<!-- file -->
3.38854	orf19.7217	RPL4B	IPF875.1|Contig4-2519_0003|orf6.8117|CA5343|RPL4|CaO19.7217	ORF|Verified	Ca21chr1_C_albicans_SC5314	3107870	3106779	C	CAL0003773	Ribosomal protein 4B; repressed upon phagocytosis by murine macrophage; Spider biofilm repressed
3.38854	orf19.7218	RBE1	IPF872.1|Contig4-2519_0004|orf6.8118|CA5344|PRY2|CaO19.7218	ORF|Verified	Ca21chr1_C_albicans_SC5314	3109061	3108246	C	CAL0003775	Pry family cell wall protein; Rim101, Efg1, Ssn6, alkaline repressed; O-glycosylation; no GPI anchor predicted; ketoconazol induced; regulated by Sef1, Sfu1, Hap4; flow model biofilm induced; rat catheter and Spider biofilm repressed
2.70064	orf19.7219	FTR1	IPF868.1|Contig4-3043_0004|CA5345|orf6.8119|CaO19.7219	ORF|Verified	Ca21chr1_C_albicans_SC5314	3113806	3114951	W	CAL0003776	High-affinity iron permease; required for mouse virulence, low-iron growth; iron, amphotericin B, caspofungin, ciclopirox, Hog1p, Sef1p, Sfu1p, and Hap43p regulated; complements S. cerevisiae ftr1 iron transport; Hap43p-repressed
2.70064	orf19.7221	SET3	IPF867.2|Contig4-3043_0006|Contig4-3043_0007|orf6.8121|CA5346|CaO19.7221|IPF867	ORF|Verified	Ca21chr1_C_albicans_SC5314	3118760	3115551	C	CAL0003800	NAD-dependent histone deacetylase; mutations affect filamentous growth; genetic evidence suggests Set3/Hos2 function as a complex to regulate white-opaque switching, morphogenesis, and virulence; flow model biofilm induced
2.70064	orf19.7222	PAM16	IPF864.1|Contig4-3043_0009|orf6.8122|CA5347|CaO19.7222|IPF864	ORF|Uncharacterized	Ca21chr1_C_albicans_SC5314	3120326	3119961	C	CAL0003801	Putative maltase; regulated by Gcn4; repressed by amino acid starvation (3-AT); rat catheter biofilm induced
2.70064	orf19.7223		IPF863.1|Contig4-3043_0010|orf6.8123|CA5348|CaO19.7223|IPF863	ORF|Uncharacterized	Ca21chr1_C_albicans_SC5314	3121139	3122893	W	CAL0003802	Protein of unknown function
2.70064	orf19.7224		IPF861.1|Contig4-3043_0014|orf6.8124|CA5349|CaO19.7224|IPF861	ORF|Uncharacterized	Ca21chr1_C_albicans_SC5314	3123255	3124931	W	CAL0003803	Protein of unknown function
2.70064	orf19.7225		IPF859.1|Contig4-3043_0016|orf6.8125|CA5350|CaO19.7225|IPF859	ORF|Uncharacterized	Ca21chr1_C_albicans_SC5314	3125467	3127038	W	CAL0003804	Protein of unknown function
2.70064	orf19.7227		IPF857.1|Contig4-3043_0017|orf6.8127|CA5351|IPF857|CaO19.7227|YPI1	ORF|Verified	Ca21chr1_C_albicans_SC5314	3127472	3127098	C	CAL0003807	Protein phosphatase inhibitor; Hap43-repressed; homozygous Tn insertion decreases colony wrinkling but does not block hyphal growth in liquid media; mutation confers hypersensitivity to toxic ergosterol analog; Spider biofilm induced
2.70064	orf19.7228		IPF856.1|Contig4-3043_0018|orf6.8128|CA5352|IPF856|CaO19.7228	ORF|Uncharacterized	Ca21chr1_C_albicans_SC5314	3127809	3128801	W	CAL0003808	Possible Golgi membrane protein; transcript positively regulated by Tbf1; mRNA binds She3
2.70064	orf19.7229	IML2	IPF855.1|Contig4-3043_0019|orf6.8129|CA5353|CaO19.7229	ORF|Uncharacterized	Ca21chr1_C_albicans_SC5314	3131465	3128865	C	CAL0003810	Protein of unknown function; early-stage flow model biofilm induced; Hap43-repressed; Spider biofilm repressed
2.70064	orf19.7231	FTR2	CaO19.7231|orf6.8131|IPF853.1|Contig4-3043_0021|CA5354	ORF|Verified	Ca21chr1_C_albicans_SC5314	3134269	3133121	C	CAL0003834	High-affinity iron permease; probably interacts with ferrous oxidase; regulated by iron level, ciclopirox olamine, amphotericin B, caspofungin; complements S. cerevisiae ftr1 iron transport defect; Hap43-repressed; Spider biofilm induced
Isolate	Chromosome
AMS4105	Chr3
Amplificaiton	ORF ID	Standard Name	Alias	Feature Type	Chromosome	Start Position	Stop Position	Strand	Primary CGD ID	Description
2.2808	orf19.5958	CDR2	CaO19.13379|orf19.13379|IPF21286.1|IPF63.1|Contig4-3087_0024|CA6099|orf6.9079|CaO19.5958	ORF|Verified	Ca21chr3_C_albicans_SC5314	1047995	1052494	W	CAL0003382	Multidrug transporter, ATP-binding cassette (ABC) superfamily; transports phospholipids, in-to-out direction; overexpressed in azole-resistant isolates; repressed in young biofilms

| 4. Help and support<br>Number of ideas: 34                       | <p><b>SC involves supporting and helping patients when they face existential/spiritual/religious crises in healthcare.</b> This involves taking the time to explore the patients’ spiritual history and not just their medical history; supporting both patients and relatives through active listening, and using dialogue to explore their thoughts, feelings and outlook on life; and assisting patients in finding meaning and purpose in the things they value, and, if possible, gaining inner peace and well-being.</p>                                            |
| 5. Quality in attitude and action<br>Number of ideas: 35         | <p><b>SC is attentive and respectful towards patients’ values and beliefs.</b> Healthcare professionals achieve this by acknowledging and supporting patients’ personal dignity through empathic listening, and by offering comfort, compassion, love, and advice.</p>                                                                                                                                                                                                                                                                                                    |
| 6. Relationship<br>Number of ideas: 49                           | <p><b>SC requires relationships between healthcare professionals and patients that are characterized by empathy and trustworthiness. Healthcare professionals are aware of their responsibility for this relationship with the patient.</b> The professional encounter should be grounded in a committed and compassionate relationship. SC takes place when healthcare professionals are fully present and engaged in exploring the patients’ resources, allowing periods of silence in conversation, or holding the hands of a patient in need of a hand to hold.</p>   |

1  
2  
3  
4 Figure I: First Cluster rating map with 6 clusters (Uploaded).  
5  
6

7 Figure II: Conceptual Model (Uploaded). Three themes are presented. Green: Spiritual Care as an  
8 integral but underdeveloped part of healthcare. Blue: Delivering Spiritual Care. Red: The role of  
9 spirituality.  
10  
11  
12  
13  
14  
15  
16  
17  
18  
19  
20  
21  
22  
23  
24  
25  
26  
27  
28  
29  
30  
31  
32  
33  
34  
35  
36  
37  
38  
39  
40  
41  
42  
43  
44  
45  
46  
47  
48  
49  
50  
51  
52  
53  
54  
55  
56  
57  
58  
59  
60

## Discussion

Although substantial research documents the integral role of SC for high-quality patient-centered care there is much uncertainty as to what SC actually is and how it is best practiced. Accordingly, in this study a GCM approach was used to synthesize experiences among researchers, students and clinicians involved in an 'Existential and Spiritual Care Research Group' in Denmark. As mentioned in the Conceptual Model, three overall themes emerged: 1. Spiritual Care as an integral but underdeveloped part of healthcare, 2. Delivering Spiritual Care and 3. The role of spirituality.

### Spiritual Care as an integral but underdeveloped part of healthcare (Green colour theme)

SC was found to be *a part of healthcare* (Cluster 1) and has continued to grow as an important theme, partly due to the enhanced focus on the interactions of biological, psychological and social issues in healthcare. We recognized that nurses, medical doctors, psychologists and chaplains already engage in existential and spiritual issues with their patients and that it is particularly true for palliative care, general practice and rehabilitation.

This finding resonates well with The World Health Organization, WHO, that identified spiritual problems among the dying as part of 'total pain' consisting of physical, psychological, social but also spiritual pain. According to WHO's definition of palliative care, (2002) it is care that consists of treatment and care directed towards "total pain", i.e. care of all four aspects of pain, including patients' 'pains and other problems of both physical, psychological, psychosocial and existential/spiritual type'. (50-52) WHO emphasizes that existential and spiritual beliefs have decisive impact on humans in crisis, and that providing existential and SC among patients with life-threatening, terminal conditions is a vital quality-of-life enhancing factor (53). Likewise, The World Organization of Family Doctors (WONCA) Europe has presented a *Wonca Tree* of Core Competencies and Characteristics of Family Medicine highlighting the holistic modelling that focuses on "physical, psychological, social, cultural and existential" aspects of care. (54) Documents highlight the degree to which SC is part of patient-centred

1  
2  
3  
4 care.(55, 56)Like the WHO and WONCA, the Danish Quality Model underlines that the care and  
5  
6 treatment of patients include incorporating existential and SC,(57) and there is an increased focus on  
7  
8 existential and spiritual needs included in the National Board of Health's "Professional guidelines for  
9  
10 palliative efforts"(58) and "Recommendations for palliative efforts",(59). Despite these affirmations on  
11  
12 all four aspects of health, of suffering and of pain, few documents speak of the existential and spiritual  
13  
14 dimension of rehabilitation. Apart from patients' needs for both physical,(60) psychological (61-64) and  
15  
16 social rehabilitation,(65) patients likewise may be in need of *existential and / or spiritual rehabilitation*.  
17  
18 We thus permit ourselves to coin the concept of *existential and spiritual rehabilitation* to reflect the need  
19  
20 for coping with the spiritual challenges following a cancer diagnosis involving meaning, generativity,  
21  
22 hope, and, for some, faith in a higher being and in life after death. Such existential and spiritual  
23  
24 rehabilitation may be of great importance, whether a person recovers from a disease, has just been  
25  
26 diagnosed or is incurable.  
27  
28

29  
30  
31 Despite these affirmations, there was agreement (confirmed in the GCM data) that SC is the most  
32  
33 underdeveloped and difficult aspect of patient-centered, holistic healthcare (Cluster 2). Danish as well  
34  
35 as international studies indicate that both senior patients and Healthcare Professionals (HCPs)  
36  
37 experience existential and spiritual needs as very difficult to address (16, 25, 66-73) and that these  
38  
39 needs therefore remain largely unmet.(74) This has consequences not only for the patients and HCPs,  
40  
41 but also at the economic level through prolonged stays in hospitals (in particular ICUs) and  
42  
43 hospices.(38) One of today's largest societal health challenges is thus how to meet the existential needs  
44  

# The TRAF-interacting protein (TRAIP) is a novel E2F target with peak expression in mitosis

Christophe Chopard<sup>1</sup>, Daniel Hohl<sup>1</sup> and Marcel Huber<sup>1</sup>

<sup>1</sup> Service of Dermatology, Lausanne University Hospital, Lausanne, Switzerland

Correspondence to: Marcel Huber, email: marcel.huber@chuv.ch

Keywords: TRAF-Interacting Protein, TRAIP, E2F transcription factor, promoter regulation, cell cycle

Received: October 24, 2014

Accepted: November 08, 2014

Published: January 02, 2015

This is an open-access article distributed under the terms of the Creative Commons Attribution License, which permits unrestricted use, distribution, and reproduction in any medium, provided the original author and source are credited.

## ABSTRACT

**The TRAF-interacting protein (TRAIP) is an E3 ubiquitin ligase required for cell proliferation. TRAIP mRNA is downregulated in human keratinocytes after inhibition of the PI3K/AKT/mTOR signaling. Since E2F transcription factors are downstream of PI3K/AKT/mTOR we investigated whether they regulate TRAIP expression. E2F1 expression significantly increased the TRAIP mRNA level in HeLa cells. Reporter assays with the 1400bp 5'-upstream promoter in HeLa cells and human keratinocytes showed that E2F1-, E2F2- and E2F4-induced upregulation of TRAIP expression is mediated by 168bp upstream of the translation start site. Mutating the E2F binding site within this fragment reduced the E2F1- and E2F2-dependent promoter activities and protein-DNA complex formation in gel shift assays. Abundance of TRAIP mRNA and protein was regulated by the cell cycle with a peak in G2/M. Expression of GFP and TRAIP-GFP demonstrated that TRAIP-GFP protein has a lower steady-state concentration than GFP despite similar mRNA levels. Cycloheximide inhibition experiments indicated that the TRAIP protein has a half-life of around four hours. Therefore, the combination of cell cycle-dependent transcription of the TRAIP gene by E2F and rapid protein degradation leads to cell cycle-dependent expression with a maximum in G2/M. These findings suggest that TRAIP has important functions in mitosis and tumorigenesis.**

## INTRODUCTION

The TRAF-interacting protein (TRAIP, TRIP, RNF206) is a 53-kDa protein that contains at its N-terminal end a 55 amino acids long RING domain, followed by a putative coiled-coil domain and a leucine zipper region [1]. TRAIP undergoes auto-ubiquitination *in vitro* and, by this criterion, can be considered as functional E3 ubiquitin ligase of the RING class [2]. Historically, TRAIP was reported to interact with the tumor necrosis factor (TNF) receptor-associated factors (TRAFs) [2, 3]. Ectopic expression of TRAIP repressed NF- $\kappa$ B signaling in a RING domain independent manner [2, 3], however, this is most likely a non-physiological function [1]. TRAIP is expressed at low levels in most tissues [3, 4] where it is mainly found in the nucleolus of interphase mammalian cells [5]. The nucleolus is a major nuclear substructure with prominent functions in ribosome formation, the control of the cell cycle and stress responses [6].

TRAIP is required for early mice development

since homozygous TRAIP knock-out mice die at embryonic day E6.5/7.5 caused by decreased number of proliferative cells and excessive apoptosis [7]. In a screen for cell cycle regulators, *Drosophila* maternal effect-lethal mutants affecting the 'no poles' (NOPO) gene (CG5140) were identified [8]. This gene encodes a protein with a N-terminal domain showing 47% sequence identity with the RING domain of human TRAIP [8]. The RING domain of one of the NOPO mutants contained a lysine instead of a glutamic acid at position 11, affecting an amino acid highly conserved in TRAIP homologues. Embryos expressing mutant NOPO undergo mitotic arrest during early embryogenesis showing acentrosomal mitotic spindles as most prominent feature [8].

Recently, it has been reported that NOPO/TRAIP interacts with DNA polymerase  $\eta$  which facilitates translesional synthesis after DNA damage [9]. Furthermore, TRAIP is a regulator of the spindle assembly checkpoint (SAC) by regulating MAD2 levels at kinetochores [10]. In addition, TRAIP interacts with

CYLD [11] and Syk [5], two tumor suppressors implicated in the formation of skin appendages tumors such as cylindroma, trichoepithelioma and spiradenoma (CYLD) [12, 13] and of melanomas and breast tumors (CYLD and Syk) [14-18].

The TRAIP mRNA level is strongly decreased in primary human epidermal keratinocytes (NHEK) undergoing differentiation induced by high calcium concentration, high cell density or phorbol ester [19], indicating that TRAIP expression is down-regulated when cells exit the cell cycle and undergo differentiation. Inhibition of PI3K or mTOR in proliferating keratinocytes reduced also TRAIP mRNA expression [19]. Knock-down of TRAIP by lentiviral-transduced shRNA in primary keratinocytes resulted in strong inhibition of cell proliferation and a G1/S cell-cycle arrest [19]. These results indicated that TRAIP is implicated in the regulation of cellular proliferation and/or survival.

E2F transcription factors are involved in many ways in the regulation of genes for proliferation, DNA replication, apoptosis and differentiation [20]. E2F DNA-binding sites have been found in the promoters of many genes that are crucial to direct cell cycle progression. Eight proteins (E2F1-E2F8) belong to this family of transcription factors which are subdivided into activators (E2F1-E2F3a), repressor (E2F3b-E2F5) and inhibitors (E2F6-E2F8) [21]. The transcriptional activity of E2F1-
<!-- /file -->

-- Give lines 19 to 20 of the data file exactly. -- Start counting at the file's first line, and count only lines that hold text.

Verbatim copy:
| 6. Relationship<br>Number of ideas: 49                           | <p><b>SC requires relationships between healthcare professionals and patients that are characterized by empathy and trustworthiness. Healthcare professionals are aware of their responsibility for this relationship with the patient.</b> The professional encounter should be grounded in a committed and compassionate relationship. SC takes place when healthcare professionals are fully present and engaged in exploring the patients’ resources, allowing periods of silence in conversation, or holding the hands of a patient in need of a hand to hold.</p>   |

1  